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0105_001E The Voice of the City O Henry

The Plutonian Fire

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"Suppose you try your band at a descriptive article," I suggested, "giving your impressions of New York as seen from the Brooklyn Bridge. The fresh point of view, the -- "

"Don't be a fool," said Pettit. "Let's go have some beer. On the whole I rather like the city." We discovered and enjoyed the only true Bohemia. Every day and night we repaired to one of those palaces of marble and glass and tilework, where goes on a tremendous and sounding epic of life. Valhalla itself could not be more glorious and sonorous. The classic marble on which we ate, the great, light-flooded, vitreous front, adorned with snow-white scrolls; the grand Wagnerian din of clanking cups and bowls the flashing staccato of brandishing cutlery, the piercing recitative of the white-aproned grub-maidens at the morgue-like banquet tables; the recurrent lied-motif of the cash-register -- it was a gigantic, triumphant welding of art and sound, a deafening, soul-uplifting pageant of heroic and emblematic life. And the beans were only ten cents. We wondered why our fellow-artists cared to dine at sad little tables in their so-called Bohemian restaurants; and we shuddered lest they should seek out our resorts and make them conspicuous with their presence. Pettit wrote many stories, which the editors returned to him. He wrote love stories, a thing I have always kept free from, holding the belief that the well-known and popular sentiment is not properly a matter for publication, but something to be privately handled by the alienists and florists. But the editors had told him that they wanted love stories, because they said the women read them.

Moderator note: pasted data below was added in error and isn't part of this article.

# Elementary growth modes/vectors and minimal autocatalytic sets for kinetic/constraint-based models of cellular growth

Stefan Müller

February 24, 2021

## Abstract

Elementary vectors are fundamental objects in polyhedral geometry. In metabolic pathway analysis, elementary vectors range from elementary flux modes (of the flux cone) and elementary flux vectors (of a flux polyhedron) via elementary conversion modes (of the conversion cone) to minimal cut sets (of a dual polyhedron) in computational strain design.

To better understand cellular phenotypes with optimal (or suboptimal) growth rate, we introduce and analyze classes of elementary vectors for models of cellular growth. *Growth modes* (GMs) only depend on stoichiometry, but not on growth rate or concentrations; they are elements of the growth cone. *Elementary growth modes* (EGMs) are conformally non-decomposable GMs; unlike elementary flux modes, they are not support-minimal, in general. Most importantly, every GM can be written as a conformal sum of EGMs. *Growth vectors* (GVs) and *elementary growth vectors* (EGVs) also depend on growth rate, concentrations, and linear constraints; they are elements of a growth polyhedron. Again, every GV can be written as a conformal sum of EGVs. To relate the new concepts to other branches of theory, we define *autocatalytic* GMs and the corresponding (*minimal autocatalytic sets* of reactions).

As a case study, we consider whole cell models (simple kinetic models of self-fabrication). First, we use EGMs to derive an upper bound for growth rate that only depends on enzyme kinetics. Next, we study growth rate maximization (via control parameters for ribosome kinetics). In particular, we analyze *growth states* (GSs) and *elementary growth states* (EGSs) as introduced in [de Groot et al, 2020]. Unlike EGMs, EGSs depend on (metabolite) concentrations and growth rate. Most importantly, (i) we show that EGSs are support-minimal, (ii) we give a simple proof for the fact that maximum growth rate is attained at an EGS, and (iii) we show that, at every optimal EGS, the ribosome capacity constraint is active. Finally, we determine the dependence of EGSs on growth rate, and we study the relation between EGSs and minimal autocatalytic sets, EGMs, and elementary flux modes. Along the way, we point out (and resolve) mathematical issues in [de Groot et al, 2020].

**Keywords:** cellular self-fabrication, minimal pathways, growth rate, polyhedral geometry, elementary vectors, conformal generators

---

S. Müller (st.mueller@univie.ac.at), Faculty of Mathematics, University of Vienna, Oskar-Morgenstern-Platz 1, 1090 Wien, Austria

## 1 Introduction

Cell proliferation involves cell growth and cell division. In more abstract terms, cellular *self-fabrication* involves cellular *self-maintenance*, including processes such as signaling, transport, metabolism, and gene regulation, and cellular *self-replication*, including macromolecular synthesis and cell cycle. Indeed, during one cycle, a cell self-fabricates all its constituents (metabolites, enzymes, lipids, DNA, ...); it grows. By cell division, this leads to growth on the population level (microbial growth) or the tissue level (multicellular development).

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Now, the editors are wrong about that, of course. Women do not read the love stories in the magazines. They read the poker-game stories and the recipes for cucumber lotion. The love stories are read by fat cigar drummers and little ten-year-old girls. I am not criticising the judgment of editors. They are mostly very fine men, but a man can be but one man, with individual opinions and tastes. I knew two associate editors of a magazine who were wonderfully alike in almost everything. And yet one of them was very fond of Flaubert, while the other preferred gin.

Pettit brought me his returned manuscripts, and we looked them over together to find out why they were not accepted. They seemed to me pretty fair stories, written in a good style, and ended, as they should, at the bottom of the last page.

They were well constructed and the events were marshalled in orderly and logical sequence. But I thought I detected a lack of living substance -- it was much as if I gazed at a symmetrical array of presentable clamshells from which the succulent and vital inhabitants had been removed. I intimated that the author might do well to get better acquainted with his theme.

"You sold a story last week," said Pettit, "about a gun fight in an Arizona mining town in which the hero drew his Colt's .45 and shot seven bandits as fast as they came in the door. Now, if a six-shooter could -- "

"Oh, well," said I, "that's different. Arizona is a long way from New York. I could have a man stabbed with a lariat or chased by a pair of chaparreras if I wanted to, and it wouldn't be noticed until the usual error-sharp from around McAdams Junction isolates the erratum and writes in to the papers about it. But you are up against another proposition. This thing they call love is as common around New York as it is in Sheboygan during the young onion season. It may be mixed here with a little commercialism -- they read Byron, but they look up Bradstreet's, too, while they're among the B's, and Brigham also if they have time -- but it's pretty much the same old internal disturbance everywhere. You can fool an editor with a fake picture of a cowboy mounting a pony with his left hand on the saddle horn, but you can't put him up a tree with a love story. So, you've got to fall in love and then write the real thing."

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